Understanding the value-laden meanings of commonly used words like evaluation and assessment is critical for change. The judgmental associations of these terms are deeply rooted...Arthur Camins
We find ourselves in a time when no matter the intention of the assessment of performance, whether of student, teacher, or principal, the result is an evaluation that is most often received as a judgment of and a stopping place for the evaluated.
Teachers observe students all the time. Observations are usually mentally noted. Sometimes they are entered on a rubric, spreadsheet, or are kept as running records. The good thing about these observations is they are opportunities to observe students’ learning in action. They don’t carry the emotional weight of a number or grade; rather they carry information for the teacher to share with the students about how to be a better learner. If handled well, the student doesn’t experience judgment or labeling. They experience receiving information that they can use to add to their learning repertoire.
More formal evaluation takes place through formative and summative types of evaluations. However, more often than not, the formative evaluations are used in a summative fashion. For example, if a quiz is given to check for understanding during the journey toward mastering a concept, it is graded and placed in the grade book isn’t it? How does that promote motivation for doing better or understanding what needs to be learned? It doesn’t. With the exception, perhaps, of the most competitive and able students who are focused on being ‘the best’ and receiving the highest score possible, the rest can be disheartened; it is evidence of what they can not do and proof that they can not do better.
Formative assessment should be designed and used to offer evidence of how much a student has or hasn’t learned and how to build the learning opportunities that will aid and support the students as they move toward success. Ironically each is only a one-time snapshot of the students’ knowledge, a common argument against the use of standardized tests. Rationale may rest in the fact that the students will have another chance to show that knowledge either in a spiraled formative assessment to come, or on the summative assessment. But the grade remains and the students hold all the feelings that come with a grade. Not doing well is not an established motivator for doing better.
Teacher and Principal Evaluation
In the past, the evaluations were designed and conducted according to practices or contracts established in each community. Now, because of Race to the Top (RTTT) more schools and districts across the country have similar formats and practices from which to establish the evaluations of teachers and their principals. For most, it is partially based upon student achievement on both locally developed and standardized tests, as well as a performance based observed set of behaviors that have been approved as being acceptable. For teachers there are those established by the Council of Chief State School Officers (CCSSO) called the Interstate Teacher Assessment and Support Consortium (InTASC) standards, the National Board Standards, the International Society for Technology in Education (ISTE) Standards for “learning, teaching and leading in the digital age” upon which the rubrics and evaluation documents were developed in response to RTTT requirements. For principals, the Interstate School Leaders Licensure Consortium (ISLLC) Standards for School Leaders has been the basis upon which the observation portion of the principals’ evaluation process has been based for many.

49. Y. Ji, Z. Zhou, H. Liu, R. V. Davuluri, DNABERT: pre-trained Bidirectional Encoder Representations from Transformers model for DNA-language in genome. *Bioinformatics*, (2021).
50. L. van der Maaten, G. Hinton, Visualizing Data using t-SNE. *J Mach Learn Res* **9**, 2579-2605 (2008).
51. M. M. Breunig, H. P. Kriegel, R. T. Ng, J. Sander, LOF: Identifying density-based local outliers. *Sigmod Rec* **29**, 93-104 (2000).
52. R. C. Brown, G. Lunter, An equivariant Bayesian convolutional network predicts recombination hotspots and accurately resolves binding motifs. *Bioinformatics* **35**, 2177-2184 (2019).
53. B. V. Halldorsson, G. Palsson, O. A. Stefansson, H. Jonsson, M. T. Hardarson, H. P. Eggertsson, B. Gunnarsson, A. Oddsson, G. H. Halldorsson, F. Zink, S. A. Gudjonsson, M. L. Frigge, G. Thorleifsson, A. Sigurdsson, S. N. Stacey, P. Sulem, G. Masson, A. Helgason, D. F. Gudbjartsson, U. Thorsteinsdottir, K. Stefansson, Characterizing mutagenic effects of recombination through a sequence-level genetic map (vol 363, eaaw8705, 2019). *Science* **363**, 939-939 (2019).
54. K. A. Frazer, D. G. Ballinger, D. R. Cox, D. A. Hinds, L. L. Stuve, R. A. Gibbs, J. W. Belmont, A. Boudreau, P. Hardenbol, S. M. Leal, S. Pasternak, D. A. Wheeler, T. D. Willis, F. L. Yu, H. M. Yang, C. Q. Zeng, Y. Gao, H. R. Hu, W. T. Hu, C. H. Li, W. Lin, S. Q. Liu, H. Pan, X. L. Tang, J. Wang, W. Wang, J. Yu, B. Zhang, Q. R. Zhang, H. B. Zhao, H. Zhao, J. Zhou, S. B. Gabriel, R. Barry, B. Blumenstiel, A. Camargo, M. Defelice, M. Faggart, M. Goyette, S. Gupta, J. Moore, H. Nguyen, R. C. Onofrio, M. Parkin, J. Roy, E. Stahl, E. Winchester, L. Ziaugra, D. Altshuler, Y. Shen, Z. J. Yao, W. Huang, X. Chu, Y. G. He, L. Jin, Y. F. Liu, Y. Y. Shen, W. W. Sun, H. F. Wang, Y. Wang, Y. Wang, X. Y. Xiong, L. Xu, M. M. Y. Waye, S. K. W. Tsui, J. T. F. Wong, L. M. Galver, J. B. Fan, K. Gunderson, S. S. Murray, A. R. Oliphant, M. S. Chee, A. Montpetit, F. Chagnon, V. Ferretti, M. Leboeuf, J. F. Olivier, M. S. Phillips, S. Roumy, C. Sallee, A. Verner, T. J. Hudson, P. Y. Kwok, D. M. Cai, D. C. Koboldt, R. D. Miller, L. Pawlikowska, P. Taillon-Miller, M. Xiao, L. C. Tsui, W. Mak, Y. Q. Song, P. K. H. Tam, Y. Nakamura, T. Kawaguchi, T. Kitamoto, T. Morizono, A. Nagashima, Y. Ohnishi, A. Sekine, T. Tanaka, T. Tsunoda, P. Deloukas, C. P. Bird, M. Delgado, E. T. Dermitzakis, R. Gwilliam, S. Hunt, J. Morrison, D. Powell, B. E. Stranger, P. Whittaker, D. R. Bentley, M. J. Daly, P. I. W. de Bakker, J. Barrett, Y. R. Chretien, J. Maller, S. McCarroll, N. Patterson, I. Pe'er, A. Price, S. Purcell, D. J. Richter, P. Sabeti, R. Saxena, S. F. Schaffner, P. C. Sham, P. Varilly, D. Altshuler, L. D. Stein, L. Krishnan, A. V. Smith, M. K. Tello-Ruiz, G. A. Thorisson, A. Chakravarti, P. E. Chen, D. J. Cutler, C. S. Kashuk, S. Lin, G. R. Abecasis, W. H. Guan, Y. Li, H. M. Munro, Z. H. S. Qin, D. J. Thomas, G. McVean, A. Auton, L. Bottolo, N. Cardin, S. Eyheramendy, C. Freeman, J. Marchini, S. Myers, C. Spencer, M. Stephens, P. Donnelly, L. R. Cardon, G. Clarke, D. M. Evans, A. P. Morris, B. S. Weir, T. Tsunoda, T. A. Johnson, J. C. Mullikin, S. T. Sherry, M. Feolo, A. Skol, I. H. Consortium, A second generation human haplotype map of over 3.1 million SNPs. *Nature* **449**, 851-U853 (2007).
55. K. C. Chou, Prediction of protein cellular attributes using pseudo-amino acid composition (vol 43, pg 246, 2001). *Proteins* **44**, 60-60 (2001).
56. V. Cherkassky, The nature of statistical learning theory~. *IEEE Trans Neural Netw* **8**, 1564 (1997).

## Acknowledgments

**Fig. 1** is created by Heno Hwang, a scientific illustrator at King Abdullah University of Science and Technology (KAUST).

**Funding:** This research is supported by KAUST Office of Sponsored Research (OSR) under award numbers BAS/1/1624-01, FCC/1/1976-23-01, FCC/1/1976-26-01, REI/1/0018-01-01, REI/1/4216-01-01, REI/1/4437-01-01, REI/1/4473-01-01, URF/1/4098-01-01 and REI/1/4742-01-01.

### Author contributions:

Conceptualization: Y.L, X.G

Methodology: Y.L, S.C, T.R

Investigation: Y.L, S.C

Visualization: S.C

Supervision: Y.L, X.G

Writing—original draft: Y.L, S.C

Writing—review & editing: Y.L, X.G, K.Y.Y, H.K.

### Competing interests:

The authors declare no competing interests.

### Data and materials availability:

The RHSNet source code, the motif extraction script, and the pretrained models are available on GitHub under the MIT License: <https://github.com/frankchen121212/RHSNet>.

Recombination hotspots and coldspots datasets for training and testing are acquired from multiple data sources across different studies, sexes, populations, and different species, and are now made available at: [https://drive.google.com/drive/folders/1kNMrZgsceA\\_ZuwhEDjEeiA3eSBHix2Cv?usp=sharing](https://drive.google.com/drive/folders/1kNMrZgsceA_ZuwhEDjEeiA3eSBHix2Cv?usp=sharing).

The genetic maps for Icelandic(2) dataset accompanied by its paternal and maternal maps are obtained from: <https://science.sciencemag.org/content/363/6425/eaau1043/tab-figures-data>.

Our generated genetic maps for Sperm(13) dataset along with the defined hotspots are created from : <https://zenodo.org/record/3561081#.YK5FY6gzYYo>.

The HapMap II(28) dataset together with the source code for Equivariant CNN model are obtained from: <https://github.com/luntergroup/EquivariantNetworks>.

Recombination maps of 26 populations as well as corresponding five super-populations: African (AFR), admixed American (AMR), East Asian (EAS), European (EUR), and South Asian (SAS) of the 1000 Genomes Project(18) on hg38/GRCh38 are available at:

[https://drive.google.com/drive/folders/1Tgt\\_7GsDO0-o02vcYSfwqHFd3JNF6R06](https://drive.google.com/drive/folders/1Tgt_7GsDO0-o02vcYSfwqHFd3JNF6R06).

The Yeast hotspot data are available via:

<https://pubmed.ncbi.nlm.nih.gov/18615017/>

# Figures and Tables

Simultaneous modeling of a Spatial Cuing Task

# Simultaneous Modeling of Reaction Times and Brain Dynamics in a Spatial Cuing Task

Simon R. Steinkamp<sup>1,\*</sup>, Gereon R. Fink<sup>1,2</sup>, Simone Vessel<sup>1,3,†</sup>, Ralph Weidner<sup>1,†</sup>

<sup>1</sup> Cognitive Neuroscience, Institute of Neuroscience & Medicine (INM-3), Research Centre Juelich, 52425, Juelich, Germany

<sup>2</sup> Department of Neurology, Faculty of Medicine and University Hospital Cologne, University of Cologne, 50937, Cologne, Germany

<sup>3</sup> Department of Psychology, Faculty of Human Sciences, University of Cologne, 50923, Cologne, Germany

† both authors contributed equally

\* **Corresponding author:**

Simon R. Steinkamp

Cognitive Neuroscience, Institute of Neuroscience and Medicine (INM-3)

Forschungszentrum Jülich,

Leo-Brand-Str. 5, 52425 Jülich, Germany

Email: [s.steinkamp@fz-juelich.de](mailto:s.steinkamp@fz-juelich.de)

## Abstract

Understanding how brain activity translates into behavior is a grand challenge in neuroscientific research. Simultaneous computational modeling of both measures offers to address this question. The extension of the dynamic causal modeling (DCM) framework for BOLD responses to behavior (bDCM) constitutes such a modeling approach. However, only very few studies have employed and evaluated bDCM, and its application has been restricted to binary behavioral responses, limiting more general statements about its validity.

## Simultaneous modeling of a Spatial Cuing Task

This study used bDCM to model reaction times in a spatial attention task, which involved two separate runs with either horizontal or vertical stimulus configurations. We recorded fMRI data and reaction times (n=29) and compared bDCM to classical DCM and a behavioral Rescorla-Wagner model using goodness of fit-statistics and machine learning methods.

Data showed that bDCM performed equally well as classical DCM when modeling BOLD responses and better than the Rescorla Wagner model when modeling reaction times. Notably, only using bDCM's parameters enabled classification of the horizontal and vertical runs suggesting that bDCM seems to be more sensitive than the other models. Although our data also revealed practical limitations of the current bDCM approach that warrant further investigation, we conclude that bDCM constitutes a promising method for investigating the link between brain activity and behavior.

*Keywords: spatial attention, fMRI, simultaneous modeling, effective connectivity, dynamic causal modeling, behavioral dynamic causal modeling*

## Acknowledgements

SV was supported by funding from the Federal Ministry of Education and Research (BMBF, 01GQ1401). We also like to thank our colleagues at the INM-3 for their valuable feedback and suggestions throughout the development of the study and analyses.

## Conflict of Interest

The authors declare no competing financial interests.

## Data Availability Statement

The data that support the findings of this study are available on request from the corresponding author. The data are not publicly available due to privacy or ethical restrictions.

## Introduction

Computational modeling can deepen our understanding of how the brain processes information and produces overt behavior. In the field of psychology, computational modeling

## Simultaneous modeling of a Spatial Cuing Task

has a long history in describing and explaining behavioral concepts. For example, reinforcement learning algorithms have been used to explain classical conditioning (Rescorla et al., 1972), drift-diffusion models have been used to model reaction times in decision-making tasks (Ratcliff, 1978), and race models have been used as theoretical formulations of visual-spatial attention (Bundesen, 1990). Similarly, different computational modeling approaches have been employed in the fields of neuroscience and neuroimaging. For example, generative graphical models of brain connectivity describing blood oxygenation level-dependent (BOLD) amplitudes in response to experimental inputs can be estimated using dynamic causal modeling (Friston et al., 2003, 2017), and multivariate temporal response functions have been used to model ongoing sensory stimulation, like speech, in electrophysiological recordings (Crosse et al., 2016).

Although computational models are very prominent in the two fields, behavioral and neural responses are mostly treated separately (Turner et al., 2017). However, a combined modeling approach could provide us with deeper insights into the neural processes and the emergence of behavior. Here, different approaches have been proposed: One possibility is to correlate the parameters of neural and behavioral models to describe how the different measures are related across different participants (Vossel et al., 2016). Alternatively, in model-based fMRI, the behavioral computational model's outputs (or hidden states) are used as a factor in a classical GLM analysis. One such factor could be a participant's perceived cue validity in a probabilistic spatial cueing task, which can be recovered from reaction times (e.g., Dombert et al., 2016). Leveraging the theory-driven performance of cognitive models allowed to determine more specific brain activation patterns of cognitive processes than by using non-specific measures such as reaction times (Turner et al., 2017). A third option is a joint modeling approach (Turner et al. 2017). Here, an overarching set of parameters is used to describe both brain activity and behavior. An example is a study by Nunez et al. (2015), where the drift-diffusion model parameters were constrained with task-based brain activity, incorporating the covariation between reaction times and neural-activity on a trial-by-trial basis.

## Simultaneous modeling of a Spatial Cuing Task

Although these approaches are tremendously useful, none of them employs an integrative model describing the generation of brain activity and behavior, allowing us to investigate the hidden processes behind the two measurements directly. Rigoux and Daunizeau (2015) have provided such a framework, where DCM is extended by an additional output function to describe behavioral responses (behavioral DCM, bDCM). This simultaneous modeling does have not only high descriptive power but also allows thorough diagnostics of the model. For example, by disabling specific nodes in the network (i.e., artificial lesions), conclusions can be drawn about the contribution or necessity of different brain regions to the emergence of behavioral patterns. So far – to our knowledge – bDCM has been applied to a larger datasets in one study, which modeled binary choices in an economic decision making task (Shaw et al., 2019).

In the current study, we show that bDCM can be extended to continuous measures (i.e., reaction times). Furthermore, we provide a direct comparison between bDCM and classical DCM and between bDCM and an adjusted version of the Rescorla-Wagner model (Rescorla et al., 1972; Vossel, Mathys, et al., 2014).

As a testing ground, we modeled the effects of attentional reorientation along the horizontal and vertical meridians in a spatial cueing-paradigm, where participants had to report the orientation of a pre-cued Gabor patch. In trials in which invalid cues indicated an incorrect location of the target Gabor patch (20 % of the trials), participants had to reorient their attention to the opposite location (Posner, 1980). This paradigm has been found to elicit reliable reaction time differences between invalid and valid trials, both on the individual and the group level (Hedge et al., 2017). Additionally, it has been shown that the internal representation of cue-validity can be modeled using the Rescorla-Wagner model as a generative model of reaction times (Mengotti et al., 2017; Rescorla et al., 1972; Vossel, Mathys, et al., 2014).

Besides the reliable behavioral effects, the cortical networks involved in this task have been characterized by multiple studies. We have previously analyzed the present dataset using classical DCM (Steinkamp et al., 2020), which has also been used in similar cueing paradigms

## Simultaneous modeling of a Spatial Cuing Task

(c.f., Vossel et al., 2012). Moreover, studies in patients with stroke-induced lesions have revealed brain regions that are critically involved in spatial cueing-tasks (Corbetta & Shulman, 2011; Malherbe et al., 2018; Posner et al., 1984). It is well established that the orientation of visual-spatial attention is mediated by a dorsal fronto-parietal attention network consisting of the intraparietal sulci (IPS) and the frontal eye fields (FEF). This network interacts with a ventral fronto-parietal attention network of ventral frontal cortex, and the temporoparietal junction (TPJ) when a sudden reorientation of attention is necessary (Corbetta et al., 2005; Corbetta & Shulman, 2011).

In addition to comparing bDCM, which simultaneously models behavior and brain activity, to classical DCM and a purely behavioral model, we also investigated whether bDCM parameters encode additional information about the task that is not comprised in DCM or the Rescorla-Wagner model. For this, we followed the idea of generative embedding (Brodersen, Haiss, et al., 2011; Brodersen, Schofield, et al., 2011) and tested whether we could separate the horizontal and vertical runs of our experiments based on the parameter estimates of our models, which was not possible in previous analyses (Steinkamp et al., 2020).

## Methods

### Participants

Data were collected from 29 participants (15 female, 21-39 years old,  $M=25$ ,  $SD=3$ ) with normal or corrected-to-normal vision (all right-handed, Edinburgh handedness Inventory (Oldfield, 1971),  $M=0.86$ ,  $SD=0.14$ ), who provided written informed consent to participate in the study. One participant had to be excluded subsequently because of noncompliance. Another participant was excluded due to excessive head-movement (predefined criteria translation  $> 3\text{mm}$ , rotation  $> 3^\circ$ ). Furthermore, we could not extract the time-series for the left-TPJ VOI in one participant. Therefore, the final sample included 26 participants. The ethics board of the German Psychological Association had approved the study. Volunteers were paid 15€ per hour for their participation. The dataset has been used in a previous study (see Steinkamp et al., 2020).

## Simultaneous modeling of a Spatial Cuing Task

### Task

These assessment tools may be recommended along the way as formative tools offering the teachers and principals direction and time to make changes in order for the summative evaluation to benefit from targeted attention and mentoring regarding behaviors that, if improved or changed, would result in more successful outcomes.
In many cases, and for many reasons, these teacher and principal evaluations are falling short of being helpful because they are being used as a one time summative report that appraises the identified behaviors of the teachers and principals being evaluated. This, too, is disheartening. The shortcomings of the manner in which students are evaluated are the same.
Through this manner of evaluation, making it a summative judgment rather than a path toward success, for students, teachers, and principals is a sure path to system wide unhappiness. Once again we think about local control. This can become an opportunity for change rather than a sad state of affairs. Question the use of evaluation, its meaning and its purpose. The conversations are necessary with the entire community, not just teachers and principals, because a rethinking of grading for students will have to include a change in culture and expectations of teachers, students, and parents. No matter the intention of grading in the past, now is different. We have included and embraced a student population that has potential and has challenges. All may not be able to reach the zenith, but all are able to learn, do more and do well.
That involves feedback, motivation, support and belief in the impact teachers can have on their students. It involves questioning the manner in which evaluations, all of them, are accomplished. If we want teachers to develop students, modeling it in the assessment of teachers by principals, and of principals by superintendents is imperative. When principals, teachers, and students are being supported, encouraged, and motivated rather than graded and labeled, the path toward success for all is cleared.
The opinions expressed in Leadership 360 are strictly those of the author(s) and do not reflect the opinions or endorsement of Editorial Projects in Education, or any of its publications.